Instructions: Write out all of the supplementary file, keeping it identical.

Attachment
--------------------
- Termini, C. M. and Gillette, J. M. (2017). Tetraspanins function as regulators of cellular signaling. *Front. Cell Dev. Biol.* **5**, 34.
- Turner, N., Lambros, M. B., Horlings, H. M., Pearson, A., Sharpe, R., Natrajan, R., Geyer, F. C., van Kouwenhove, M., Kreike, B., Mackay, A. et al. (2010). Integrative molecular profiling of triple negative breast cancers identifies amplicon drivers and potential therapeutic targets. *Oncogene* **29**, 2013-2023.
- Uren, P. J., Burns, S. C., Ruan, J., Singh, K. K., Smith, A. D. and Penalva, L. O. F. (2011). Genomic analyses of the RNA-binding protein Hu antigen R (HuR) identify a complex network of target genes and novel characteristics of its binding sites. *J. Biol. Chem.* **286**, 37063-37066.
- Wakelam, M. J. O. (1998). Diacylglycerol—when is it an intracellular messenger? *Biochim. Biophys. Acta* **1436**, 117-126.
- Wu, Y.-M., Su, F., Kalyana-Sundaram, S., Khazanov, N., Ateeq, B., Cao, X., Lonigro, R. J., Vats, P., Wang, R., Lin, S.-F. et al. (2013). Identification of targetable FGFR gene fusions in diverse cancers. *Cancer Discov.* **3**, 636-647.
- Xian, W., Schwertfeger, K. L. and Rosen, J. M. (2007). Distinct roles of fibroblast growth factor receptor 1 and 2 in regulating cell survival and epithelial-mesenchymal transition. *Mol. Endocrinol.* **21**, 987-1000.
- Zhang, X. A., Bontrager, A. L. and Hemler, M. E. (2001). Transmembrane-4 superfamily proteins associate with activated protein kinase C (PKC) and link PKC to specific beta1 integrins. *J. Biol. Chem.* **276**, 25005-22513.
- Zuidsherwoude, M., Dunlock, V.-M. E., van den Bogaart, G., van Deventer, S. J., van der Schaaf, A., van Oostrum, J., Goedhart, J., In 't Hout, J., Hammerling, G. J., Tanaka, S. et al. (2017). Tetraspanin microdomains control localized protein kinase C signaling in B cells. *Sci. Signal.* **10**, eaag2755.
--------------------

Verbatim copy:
- Termini, C. M. and Gillette, J. M. (2017). Tetraspanins function as regulators of cellular signaling. *Front. Cell Dev. Biol.* **5**, 34.
- Turner, N., Lambros, M. B., Horlings, H. M., Pearson, A., Sharpe, R., Natrajan, R., Geyer, F. C., van Kouwenhove, M., Kreike, B., Mackay, A. et al. (2010). Integrative molecular profiling of triple negative breast cancers identifies amplicon drivers and potential therapeutic targets. *Oncogene* **29**, 2013-2023.
- Uren, P. J., Burns, S. C., Ruan, J., Singh, K. K., Smith, A. D. and Penalva, L. O. F. (2011). Genomic analyses of the RNA-binding protein Hu antigen R (HuR) identify a complex network of target genes and novel characteristics of its binding sites. *J. Biol. Chem.* **286**, 37063-37066.
- Wakelam, M. J. O. (1998). Diacylglycerol—when is it an intracellular messenger? *Biochim. Biophys. Acta* **1436**, 117-126.
- Wu, Y.-M., Su, F., Kalyana-Sundaram, S., Khazanov, N., Ateeq, B., Cao, X., Lonigro, R. J., Vats, P., Wang, R., Lin, S.-F. et al. (2013). Identification of targetable FGFR gene fusions in diverse cancers. *Cancer Discov.* **3**, 636-647.
- Xian, W., Schwertfeger, K. L. and Rosen, J. M. (2007). Distinct roles of fibroblast growth factor receptor 1 and 2 in regulating cell survival and epithelial-mesenchymal transition. *Mol. Endocrinol.* **21**, 987-1000.
- Zhang, X. A., Bontrager, A. L. and Hemler, M. E. (2001). Transmembrane-4 superfamily proteins associate with activated protein kinase C (PKC) and link PKC to specific beta1 integrins. *J. Biol. Chem.* **276**, 25005-22513.
- Zuidsherwoude, M., Dunlock, V.-M. E., van den Bogaart, G., van Deventer, S. J., van der Schaaf, A., van Oostrum, J., Goedhart, J., In 't Hout, J., Hammerling, G. J., Tanaka, S. et al. (2017). Tetraspanin microdomains control localized protein kinase C signaling in B cells. *Sci. Signal.* **10**, eaag2755.